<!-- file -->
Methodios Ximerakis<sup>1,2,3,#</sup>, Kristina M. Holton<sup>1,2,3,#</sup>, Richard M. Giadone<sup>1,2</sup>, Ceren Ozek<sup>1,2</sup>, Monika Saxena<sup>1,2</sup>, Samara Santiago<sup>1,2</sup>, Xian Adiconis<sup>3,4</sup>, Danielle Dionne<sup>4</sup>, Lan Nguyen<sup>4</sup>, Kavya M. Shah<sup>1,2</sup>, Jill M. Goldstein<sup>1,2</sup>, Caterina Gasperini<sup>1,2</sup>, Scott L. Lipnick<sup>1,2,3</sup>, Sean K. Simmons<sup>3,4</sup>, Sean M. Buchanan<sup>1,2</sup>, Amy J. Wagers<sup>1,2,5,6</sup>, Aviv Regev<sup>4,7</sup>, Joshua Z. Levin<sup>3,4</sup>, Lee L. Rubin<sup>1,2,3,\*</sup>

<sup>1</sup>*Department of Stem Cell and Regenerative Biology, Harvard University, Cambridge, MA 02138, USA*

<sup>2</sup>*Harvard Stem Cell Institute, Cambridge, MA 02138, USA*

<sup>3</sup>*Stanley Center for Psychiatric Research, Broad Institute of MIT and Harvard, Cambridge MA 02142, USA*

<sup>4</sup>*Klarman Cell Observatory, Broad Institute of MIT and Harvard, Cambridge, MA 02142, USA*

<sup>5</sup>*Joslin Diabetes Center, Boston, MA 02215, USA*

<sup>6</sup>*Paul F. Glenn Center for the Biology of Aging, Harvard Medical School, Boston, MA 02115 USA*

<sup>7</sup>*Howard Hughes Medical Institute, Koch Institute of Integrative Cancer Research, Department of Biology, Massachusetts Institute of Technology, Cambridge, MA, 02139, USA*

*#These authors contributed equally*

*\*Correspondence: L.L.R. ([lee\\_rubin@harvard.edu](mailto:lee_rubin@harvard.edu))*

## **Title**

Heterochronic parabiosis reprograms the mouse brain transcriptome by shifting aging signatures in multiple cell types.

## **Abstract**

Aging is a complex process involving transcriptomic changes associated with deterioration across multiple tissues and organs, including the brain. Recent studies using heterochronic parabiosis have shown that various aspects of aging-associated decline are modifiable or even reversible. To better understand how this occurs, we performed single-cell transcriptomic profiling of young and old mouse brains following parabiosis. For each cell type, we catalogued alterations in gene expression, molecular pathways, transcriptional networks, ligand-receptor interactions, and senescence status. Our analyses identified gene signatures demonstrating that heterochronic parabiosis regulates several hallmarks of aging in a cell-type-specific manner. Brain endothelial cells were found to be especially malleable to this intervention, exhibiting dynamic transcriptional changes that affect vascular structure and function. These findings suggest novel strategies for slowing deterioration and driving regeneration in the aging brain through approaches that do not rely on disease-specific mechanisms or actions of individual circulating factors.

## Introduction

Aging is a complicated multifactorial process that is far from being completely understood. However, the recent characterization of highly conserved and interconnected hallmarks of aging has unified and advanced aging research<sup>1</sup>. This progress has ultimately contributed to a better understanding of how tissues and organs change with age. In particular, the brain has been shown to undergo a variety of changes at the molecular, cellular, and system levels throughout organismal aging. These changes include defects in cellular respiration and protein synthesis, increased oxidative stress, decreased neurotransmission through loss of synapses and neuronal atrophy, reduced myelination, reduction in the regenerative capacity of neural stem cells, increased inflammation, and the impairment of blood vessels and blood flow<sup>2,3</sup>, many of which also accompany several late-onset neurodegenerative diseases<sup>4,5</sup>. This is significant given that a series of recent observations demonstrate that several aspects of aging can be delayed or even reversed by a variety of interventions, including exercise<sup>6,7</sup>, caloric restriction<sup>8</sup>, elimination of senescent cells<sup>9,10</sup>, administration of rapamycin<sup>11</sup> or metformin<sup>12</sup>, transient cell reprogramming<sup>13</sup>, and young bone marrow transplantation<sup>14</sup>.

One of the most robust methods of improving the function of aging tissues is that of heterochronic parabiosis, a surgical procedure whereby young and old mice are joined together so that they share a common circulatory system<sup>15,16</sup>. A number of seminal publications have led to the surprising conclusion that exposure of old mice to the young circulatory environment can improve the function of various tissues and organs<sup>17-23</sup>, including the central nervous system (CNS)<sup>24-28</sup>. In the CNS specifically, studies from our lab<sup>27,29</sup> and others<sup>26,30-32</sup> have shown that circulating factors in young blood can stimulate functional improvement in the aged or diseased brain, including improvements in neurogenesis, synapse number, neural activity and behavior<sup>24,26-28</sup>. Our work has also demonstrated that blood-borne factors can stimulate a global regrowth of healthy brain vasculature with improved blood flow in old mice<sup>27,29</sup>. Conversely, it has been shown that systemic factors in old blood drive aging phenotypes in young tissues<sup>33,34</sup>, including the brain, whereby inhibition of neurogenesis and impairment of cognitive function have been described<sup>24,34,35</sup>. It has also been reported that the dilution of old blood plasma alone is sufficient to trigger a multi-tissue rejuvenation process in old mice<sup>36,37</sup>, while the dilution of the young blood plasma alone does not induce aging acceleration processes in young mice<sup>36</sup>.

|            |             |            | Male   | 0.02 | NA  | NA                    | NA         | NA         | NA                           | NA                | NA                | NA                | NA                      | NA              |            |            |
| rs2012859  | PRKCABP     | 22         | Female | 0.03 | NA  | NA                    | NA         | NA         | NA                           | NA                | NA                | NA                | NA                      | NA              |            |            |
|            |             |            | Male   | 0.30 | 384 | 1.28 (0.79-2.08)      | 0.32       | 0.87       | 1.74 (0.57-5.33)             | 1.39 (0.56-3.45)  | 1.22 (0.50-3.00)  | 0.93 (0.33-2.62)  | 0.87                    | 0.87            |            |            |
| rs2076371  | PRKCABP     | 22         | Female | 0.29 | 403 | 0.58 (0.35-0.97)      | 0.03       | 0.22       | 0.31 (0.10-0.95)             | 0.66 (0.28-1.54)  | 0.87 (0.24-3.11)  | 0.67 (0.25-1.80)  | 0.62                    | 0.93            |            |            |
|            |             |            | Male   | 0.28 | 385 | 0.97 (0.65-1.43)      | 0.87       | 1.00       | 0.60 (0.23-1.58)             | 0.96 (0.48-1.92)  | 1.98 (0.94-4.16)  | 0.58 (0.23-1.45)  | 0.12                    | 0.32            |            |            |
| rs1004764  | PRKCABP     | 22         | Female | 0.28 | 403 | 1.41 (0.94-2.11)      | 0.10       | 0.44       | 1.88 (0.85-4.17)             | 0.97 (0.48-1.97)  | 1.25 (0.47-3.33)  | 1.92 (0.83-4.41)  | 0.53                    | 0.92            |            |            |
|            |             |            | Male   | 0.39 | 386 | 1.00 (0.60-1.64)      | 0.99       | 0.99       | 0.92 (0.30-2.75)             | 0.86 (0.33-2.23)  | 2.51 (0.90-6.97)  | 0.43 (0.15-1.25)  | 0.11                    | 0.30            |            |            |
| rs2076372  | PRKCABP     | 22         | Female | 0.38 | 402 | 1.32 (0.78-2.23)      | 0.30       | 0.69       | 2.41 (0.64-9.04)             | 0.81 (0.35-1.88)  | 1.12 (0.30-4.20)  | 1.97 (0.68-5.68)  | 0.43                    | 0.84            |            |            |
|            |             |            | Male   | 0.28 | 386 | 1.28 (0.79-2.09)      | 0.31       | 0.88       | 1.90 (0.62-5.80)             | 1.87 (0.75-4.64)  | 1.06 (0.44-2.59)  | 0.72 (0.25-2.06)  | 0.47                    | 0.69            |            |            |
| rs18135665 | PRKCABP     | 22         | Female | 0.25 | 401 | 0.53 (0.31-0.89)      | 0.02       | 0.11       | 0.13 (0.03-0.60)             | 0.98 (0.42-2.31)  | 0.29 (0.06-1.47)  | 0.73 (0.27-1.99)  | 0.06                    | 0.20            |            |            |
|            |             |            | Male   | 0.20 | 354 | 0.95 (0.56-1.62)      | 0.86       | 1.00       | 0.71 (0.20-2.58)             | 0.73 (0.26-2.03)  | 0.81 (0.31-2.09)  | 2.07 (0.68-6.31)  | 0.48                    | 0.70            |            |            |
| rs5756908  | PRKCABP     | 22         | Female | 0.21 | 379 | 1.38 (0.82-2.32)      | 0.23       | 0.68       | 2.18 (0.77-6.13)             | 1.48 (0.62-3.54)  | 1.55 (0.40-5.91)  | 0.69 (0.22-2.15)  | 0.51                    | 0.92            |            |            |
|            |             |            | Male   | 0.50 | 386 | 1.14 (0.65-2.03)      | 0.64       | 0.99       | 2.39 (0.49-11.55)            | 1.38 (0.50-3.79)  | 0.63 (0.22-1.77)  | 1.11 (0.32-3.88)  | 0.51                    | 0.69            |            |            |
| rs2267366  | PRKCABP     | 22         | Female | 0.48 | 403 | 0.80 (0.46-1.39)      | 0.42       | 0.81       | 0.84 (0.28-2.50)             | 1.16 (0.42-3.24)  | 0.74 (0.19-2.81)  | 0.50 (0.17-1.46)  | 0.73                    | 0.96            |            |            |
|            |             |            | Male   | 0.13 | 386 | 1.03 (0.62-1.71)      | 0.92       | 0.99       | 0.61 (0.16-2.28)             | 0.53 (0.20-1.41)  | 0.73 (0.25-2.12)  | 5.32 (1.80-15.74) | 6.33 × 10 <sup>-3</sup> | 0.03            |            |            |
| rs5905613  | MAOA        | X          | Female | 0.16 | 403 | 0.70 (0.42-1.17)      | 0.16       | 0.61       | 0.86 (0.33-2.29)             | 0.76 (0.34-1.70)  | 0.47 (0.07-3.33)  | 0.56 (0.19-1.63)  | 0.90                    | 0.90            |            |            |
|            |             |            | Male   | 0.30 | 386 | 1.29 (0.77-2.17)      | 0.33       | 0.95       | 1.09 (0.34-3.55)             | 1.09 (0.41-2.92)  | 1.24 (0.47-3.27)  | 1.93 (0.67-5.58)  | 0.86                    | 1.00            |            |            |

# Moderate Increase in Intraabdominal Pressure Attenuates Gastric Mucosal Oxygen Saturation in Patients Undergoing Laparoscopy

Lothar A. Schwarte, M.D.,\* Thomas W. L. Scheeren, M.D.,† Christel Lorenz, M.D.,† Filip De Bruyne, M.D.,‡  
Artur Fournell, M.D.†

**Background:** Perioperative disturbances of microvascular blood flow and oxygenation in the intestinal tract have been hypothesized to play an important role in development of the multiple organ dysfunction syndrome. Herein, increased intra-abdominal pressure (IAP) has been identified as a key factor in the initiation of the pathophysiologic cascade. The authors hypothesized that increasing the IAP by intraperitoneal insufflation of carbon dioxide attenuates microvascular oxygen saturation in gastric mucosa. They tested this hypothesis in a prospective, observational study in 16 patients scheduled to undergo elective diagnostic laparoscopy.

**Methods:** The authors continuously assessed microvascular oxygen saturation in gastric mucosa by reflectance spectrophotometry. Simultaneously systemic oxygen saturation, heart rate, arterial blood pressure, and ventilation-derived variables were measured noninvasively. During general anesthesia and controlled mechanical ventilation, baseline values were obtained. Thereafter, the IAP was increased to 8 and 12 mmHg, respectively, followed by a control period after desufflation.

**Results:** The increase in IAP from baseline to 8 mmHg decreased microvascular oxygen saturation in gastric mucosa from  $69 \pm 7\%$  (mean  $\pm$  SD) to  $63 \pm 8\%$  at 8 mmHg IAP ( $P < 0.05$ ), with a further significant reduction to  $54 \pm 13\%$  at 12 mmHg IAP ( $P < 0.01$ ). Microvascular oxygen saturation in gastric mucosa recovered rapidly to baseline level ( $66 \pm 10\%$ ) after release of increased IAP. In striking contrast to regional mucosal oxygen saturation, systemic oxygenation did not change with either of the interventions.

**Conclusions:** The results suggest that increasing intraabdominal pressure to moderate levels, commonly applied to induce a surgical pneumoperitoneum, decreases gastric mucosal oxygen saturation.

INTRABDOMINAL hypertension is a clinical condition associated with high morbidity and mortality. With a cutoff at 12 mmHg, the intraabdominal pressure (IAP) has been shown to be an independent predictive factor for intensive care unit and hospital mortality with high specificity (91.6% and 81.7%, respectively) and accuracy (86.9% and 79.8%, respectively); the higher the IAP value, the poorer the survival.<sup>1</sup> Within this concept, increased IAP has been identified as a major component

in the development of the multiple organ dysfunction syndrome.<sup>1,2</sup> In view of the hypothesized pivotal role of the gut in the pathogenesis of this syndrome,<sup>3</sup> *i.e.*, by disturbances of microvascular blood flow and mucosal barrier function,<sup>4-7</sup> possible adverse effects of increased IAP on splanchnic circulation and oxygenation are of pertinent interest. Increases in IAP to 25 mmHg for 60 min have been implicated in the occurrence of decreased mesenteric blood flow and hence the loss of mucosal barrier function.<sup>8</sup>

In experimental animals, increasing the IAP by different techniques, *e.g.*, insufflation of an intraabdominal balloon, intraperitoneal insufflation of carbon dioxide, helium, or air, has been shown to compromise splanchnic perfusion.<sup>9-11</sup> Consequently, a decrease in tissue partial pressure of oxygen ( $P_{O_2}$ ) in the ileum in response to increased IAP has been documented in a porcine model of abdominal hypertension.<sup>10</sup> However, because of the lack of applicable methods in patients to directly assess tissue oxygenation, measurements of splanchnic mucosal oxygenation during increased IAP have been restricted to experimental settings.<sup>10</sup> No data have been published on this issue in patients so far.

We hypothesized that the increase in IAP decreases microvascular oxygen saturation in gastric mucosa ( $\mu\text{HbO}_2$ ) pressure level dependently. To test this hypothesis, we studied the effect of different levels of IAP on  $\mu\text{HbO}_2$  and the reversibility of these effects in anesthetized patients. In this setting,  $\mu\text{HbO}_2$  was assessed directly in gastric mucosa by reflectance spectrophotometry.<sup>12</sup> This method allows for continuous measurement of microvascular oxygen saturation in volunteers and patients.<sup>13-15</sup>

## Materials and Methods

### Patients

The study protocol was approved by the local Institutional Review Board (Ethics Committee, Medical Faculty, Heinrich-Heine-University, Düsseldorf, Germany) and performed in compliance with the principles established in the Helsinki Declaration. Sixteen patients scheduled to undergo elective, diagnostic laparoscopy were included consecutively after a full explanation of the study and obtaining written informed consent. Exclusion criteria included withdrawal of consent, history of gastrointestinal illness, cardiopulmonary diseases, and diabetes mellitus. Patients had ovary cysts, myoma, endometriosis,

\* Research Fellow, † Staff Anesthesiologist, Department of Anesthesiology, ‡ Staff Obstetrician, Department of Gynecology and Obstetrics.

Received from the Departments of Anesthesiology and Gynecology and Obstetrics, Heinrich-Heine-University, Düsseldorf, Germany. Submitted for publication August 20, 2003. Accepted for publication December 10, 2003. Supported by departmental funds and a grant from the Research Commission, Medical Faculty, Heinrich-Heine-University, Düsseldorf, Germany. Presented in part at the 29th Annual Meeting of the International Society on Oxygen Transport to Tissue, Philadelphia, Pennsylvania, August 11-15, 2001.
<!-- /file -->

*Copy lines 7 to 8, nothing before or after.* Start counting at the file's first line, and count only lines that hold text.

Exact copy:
<sup>6</sup>*Paul F. Glenn Center for the Biology of Aging, Harvard Medical School, Boston, MA 02115 USA*

<sup>7</sup>*Howard Hughes Medical Institute, Koch Institute of Integrative Cancer Research, Department of Biology, Massachusetts Institute of Technology, Cambridge, MA, 02139, USA*